Israeli Prosecutors Will Litigate Lap Dances as Prostitution

According to a new directive targeting a raft of offenses, a dance that includes intimate contact will be considered prostitution, which has been made illegal in Israel

A memorial rally for murdered sex workers in Tel Aviv, August.
Tomer Appelbaum

Government lawyers will prosecute lap dances offered at strip clubs as prostitution, according to a new directive by State Prosecutor Shai Nitzan that further curbs the Israeli sex industry.

On January 1, the Knesset unanimously passed a law forbidding the buying of sex; the law goes into effect in the middle of next year. According to the new directive, while a strip show or watching such a show will not be considered a crime, intimate contact between a stripper and a client who pays an entrance fee will be considered prostitution.

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The owners or operators of such clubs will be liable to indictment for soliciting or maintaining premises for prostitution. However, lower-level employees will not be indicted unless it can be proved that they clearly played a part in organizing sexual services at the club or hiring women to work there.

It will also be considered prostitution if the client is asked to pay extra for the lap dance, adding on to the entrance fee.

The directive also notes that such investigations must be carried out “with proper sensitivity and understanding that in general the women are not suspects.” Citing the “inherent exploitation in offenses of this nature,” investigators are instructed not to pay heed if the women say that it is their choice to be prostitutes.

Investigators are to “look closely at whether the women are under any type of pressure, or not allowed for any reason to leave the place, or are exploited in any other way.”

While women in such cases are not to be questioned as suspects, anyone working at the locale will be investigated for other possible offenses such as money laundering, racketeering and false imprisonment.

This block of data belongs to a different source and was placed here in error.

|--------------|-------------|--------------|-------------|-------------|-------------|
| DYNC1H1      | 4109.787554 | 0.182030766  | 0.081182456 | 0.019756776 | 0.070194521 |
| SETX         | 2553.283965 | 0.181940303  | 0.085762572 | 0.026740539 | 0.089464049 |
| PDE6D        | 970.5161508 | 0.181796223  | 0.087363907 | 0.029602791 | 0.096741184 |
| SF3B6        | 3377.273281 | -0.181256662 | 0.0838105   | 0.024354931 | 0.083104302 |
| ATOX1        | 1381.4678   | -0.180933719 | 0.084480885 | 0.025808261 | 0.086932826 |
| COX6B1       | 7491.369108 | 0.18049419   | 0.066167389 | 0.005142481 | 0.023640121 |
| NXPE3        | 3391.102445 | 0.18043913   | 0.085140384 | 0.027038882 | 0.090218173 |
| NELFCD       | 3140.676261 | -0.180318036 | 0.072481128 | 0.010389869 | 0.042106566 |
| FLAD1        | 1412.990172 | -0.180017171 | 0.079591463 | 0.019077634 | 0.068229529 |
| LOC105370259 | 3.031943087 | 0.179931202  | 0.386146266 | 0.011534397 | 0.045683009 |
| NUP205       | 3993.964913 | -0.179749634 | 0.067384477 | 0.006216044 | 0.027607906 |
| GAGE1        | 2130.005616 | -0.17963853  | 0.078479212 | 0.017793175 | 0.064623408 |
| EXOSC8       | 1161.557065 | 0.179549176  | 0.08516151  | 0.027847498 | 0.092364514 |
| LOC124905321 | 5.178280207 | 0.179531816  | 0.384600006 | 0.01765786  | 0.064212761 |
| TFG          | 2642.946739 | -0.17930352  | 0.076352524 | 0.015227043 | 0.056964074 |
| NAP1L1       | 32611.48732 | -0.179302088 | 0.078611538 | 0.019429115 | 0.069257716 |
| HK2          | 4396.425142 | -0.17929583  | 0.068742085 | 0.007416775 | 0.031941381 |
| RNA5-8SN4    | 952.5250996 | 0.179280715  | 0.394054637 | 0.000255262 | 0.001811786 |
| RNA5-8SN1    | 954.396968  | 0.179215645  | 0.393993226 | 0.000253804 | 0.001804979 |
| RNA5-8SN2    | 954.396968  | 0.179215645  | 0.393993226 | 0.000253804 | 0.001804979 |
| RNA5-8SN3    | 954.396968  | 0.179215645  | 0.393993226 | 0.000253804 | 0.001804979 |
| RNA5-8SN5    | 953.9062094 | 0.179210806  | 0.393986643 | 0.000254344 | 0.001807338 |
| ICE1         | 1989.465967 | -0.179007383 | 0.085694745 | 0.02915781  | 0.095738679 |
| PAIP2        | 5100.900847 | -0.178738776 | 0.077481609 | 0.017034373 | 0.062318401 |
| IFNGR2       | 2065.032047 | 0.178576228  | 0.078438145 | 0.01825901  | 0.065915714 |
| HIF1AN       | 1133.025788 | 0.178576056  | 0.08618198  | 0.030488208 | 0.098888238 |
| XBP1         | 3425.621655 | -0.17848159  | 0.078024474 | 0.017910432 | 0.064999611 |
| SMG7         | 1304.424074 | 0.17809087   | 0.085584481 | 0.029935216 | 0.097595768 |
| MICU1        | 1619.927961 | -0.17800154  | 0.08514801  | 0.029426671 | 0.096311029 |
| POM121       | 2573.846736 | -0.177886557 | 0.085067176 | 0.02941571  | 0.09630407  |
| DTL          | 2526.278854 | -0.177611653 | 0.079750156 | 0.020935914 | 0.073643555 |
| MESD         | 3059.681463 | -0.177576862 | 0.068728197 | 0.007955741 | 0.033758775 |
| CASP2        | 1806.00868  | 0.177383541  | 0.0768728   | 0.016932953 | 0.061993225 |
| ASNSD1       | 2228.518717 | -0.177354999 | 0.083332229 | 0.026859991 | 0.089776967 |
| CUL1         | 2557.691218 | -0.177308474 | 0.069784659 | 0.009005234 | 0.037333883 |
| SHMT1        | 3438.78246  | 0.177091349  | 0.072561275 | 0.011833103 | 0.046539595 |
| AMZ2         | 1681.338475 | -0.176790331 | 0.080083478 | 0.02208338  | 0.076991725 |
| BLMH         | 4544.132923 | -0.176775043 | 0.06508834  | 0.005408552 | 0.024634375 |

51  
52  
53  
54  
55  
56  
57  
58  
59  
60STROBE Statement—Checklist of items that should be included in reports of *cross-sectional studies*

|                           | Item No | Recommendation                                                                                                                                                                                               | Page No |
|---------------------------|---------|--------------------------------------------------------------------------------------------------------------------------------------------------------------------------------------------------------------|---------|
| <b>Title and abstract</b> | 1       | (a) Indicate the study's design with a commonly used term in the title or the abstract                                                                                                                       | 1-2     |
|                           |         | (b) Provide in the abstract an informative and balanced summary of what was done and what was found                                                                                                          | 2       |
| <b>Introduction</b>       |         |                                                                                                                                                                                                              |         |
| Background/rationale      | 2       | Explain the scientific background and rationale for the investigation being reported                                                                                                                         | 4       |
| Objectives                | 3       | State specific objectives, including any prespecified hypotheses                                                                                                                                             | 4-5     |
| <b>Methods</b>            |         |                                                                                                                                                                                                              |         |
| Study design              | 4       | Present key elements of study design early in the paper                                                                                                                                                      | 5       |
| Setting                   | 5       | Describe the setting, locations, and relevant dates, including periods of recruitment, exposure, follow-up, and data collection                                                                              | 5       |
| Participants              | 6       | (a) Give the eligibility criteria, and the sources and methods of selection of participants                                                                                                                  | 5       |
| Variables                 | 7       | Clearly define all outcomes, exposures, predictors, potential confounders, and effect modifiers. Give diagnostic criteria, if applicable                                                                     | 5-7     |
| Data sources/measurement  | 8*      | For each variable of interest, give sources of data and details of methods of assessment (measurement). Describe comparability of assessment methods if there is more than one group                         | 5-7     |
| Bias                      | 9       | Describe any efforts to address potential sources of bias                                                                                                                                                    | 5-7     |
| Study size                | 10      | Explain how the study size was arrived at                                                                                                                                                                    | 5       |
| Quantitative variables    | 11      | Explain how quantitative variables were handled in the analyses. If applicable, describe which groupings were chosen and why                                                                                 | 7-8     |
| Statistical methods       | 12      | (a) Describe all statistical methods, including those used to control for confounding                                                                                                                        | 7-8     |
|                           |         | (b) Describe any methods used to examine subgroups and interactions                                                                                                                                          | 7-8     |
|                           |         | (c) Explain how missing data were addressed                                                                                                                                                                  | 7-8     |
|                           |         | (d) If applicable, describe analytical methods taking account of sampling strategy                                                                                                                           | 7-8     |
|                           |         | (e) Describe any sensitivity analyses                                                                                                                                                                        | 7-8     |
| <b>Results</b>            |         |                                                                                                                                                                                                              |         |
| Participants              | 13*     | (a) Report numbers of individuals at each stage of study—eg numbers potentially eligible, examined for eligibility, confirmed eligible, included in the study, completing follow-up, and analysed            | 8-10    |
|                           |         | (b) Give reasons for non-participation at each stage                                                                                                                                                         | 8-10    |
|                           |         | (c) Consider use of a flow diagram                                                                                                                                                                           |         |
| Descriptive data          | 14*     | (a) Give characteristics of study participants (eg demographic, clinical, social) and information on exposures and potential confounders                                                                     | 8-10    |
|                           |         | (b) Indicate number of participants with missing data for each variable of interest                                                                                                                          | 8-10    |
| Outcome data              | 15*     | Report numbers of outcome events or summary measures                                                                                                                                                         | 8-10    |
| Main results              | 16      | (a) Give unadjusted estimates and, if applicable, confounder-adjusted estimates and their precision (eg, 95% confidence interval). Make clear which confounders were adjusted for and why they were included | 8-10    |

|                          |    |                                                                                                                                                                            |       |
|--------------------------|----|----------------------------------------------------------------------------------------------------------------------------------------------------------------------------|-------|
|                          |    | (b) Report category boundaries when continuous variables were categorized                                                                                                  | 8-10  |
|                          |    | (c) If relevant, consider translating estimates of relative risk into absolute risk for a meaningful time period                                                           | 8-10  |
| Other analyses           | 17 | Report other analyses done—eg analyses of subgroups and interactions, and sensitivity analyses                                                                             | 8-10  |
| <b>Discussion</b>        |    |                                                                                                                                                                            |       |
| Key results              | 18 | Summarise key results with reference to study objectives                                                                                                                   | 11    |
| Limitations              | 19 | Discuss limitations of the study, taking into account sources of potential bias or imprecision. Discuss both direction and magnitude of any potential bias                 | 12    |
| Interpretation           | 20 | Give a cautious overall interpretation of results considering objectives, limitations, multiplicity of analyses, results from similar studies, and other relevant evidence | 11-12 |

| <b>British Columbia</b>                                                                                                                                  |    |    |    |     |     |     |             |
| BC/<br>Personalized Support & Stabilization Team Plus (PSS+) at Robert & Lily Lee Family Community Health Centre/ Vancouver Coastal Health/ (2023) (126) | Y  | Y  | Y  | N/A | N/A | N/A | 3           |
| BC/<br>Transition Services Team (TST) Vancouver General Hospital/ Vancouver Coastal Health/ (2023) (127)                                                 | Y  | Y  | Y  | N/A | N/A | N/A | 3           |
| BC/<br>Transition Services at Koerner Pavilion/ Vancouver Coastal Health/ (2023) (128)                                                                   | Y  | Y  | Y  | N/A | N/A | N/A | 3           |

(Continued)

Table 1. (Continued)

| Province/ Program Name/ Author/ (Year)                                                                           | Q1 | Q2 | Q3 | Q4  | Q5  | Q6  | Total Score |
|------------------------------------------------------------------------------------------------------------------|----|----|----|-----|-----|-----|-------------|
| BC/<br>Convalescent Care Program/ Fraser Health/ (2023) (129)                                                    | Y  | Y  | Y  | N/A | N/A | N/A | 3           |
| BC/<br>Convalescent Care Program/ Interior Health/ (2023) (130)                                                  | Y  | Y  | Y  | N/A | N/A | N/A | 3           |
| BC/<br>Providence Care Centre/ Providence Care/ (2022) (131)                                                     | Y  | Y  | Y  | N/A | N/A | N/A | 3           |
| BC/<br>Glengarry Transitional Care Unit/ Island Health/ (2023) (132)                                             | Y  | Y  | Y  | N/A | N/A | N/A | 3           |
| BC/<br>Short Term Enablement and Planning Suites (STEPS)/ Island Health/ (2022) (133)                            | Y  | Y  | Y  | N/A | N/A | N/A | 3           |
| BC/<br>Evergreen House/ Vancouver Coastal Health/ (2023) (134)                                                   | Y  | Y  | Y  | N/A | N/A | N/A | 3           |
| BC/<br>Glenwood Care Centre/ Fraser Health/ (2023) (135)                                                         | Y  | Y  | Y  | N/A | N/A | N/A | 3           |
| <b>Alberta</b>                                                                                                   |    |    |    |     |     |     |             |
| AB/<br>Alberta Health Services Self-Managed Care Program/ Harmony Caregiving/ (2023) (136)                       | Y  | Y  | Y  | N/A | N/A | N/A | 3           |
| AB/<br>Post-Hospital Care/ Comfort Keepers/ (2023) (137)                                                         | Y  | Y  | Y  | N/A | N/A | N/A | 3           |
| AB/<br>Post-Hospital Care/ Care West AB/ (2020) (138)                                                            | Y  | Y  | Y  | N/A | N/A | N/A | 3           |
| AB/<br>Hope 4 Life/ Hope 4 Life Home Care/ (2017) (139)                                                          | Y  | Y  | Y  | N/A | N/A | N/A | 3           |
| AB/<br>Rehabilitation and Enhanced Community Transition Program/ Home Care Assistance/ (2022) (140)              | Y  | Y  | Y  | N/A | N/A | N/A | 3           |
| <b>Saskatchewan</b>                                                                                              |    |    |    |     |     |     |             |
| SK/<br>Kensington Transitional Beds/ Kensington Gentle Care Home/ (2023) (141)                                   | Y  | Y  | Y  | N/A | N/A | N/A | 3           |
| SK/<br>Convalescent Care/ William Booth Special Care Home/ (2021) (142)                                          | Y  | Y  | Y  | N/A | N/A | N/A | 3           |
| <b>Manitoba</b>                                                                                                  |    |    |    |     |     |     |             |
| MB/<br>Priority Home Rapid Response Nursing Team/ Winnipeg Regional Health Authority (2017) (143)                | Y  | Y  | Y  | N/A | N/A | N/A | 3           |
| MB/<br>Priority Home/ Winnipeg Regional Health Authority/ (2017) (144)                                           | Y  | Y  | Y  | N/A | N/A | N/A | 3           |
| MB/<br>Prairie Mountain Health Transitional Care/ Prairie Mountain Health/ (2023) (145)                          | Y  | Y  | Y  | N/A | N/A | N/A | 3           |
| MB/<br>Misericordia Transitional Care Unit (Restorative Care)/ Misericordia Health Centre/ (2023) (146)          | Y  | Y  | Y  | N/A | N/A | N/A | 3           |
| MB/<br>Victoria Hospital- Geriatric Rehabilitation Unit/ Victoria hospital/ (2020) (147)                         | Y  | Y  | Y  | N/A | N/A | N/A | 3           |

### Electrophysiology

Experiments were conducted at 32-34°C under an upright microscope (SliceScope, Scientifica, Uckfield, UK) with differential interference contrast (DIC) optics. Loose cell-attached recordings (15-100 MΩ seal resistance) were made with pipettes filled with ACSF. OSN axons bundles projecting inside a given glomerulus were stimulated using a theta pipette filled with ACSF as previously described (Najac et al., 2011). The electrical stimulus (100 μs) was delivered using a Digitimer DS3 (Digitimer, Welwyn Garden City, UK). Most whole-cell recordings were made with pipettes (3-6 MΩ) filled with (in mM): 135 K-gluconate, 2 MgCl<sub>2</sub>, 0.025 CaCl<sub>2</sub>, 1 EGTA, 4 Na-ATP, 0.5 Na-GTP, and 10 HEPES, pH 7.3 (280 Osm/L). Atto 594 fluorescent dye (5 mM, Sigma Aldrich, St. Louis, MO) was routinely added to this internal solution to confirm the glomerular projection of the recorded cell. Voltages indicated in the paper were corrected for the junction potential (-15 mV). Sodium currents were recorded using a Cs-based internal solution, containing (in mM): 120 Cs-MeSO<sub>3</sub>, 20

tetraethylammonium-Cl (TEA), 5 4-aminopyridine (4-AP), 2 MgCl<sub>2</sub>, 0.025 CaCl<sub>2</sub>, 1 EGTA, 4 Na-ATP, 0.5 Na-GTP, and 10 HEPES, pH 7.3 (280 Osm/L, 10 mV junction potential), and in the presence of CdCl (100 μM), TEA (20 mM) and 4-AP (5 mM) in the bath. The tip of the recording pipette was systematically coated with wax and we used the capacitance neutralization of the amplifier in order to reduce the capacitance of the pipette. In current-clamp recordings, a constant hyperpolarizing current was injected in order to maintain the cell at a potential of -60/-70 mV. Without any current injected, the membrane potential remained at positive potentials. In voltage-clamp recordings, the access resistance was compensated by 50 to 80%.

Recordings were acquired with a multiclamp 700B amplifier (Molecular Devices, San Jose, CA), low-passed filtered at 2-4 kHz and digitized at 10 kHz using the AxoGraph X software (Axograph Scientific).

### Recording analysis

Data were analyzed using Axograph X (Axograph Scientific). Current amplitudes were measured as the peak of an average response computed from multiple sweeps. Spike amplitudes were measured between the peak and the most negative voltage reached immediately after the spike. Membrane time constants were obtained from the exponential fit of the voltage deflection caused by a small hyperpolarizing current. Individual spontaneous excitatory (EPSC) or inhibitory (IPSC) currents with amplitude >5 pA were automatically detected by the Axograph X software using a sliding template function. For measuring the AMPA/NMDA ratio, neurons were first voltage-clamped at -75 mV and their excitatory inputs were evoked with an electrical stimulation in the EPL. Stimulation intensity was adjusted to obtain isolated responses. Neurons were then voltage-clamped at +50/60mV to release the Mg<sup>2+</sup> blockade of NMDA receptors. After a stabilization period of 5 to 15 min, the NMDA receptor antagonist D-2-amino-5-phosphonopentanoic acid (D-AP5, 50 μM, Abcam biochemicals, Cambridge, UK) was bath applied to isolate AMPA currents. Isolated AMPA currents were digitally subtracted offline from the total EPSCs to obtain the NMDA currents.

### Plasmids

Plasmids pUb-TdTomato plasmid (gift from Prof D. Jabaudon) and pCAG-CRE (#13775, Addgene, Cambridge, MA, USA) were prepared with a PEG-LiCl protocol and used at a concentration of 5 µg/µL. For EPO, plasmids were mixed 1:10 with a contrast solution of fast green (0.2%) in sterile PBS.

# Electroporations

Also, in cases where the women will be sent back to their home countries, the prosecutors are considering taking the women's testimony before the trial of trafficking suspects, so that the women will not have to face the accused in the courtroom.

The state prosecutor has instructed that robust investigations be conducted when minors are believed to be involved in prostitution, when drug trafficking may be involved, when the women are illegal residents, and if the location is a nuisance to neighbors.

Instances where women themselves have rented rooms to work as prostitutes will be given lower priority in enforcement.

There will also be efforts against the advertising of prostitution in newspapers, visiting cards and websites. Investigators will target the people behind the advertising and distribution, as well as the owners of the businesses where the services are advertised such as websites, newspapers or PR firms.

The directive also suggests considering blocking access to phone numbers that appear in such advertisements, and in the case of printed material, indicting the owners of the print shops where it was produced.